Meet Joe Gannon: Superstar Account Manager Hero Image

September 25, 2018

Meet Joe Gannon: Superstar Account Manager

If you know Joe Gannon, you know he loves The Bachelor, Justin Bieber, being on anything that even slightly resembles a stage, getting swole at the gym, and baking (he made everyone cinnamon-sugar bagels from scratch on his first Monday at Belief Agency—who does that?). He’s the ultimate hospitality guy, and whether he’s meticulously folding a BA-branded sweatshirt for a client gift (that high school gig at JCPenny comin’ in clutch) or leading an internal planning meeting, we always get Joe’s best self: process-obsessed, smiling, and probably dancing or singing something. This week, we’re shining the spotlight extra bright on Joe so you too can get to know the person who brings our clients and our team so much joy.

In the beginning…

Hometown: Snohomish, Washington—even though we technically had an Everett address and moved around a bit.

Most kids probably don’t know what an account manager even is. What did you want to be growing up, and how’d you wind up here?

When I was a child, I wanted to live in my parents’ backyard and be the ice cream man. By the time I was in high school, that changed—I thought I’d go into ministry. I think any pastor’s kid thinks they’ll do that at some point. When I was 16, I was infatuated with music and drumming. I went to a career day in Wenatchee and chose to be a music executive at a record label—I was putting together what contracts would look like in my mind. I fell in love with trying to understand the business, and found that I’d rather be friends with a musician (managing bands, working at a record label) than be a musician myself—even though, as you know, I love being on stage and being in front of people.

So, what was the first album that made you want to get into the business?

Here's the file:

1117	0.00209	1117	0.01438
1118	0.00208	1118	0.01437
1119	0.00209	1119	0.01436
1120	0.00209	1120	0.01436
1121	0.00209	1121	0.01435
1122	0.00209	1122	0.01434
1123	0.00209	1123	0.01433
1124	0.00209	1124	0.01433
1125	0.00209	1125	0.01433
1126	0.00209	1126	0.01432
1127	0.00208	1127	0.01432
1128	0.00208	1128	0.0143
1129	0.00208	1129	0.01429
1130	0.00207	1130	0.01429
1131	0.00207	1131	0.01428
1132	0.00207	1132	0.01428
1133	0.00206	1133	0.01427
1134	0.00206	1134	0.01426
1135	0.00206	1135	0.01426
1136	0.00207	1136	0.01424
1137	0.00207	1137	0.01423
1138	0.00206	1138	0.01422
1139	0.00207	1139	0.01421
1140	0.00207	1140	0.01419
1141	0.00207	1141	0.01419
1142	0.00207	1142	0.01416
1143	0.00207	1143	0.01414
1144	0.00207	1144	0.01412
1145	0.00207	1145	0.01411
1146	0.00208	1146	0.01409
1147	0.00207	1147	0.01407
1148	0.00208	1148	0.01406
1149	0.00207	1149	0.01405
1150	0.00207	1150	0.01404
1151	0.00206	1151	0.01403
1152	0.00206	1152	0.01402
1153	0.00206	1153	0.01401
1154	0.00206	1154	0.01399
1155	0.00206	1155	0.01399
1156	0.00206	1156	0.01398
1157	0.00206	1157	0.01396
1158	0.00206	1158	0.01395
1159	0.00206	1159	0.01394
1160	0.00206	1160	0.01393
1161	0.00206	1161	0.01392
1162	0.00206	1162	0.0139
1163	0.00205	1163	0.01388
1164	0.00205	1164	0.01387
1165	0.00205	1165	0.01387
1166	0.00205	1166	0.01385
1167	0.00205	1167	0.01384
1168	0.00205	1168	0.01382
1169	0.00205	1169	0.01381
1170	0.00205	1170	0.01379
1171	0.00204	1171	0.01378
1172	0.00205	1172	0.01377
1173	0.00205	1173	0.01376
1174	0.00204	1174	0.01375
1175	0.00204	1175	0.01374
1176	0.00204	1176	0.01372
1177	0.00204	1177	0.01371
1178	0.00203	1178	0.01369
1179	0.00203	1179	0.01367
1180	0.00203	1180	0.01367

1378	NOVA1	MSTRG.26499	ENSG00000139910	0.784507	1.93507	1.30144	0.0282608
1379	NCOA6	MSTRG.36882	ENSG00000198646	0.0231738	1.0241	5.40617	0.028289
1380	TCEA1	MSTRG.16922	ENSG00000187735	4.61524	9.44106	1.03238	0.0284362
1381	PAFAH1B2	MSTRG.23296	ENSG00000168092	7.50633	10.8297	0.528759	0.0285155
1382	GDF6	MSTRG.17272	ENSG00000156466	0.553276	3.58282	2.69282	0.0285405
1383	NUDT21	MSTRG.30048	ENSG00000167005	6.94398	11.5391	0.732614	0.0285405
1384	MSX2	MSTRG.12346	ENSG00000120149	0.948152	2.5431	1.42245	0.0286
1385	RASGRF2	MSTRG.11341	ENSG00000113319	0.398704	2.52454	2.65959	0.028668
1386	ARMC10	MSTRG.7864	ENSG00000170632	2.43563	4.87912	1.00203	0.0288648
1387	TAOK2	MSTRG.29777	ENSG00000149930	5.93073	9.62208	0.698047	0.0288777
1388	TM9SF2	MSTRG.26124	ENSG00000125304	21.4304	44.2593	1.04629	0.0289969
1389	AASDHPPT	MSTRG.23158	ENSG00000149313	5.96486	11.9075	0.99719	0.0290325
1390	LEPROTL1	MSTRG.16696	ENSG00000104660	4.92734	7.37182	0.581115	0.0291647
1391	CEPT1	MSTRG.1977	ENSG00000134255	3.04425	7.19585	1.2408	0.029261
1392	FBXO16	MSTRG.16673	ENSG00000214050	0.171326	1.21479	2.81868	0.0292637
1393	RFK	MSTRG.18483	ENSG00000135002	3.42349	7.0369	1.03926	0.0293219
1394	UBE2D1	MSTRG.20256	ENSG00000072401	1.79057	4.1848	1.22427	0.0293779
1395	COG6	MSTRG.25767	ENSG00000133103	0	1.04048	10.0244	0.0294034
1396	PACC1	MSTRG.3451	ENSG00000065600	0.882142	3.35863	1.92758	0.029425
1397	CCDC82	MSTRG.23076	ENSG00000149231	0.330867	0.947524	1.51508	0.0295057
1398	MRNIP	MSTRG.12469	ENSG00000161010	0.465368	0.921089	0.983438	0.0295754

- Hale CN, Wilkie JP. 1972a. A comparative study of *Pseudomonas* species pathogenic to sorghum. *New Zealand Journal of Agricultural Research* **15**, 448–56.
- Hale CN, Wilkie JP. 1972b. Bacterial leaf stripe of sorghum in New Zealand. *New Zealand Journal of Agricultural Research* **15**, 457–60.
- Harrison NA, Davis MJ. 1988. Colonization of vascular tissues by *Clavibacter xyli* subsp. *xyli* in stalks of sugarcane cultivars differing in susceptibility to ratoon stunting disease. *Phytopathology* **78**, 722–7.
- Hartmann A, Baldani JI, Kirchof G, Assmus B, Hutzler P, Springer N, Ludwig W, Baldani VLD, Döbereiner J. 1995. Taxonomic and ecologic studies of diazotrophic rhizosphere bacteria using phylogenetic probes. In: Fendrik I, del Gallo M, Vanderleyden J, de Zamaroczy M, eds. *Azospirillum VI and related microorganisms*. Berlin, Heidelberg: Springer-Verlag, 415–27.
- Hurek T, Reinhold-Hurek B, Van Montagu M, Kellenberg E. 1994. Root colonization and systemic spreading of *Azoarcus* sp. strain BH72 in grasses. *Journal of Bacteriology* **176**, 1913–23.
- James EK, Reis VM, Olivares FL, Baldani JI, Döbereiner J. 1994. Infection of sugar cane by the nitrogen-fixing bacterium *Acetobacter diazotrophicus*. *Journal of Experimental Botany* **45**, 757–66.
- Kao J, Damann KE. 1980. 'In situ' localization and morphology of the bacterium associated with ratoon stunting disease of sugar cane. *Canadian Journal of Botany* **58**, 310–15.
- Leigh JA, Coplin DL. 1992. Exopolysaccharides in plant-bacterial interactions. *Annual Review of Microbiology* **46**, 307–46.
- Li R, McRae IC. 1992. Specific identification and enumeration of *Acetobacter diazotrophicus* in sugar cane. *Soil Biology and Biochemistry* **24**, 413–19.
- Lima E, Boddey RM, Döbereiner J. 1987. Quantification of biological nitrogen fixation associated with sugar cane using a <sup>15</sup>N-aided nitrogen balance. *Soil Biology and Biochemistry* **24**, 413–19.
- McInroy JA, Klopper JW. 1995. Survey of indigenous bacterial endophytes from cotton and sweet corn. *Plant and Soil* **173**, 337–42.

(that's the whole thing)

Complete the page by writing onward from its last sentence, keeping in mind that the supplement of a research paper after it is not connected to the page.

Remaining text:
Embarrassingly (editor’s note: Joe, you should OWN this), my first album was Spice World by the Spice Girls. To this day, I’m infatuated with pop music. There’s something so special about pop music—from the Backstreet Boys to *NSYNC to Britney Spears, I’ve always been fascinated. Taylor Swift? She's the essence of sophisticated pop. There’s so much of a package around it—with pop music, it's not just about creating an album and releasing the music; it's the marketing, strategy, and production behind it.

The 9-5

How’d you get from wanting to be in the music business to managing accounts here at Belief Agency?

I went to Northwest (Duck or die!) and loved it. I was toying with studying youth ministry, but then I met Steve Smith and Jeff Lockhart, who were starting a music business and engineering program at Northwest called Creatio. I was the first student in the program, and I was the first one to graduate from it with a degree in music business. At the time, I was studying Justin Bieber’s career—more specifically, his manager Scooter Braun. I wanted to be mentored under Scooter and be his right-hand man, and then go do my own thing, like Ari Gold from Entourage. I thought I was going to move to L.A. or I was going to revitalize the Seattle scene—like I knew how to do that.

So I interned at Tooth & Nail Records and had an internship at Mars Hill Music for a few months, which were amazing experiences. Eventually, I met my would-be wife and having a family and being with her was more important than potentially being on the road touring with bands or having a different lifestyle than the one her and I wanted to create together.

I went to South Carolina for a job in music publishing at NewSpring Church, was there for six months, then came back to the Seattle area to complete a masters program at Northwest. Then I segued into account management, working for an app called PushPay, a web agency, and finally, a digital marketing strategy services agency in Texas called iProspect. We were there for two years, and while Texas was a great learning experience, I didn’t want to be there. I knew Jon, who was at Mars Hill Music, was now at Belief Agency, and I'd wanted to work at Belief Agency for awhile. I waited for growth to happen and opportunities to spur up, and now I’m here as an account manager.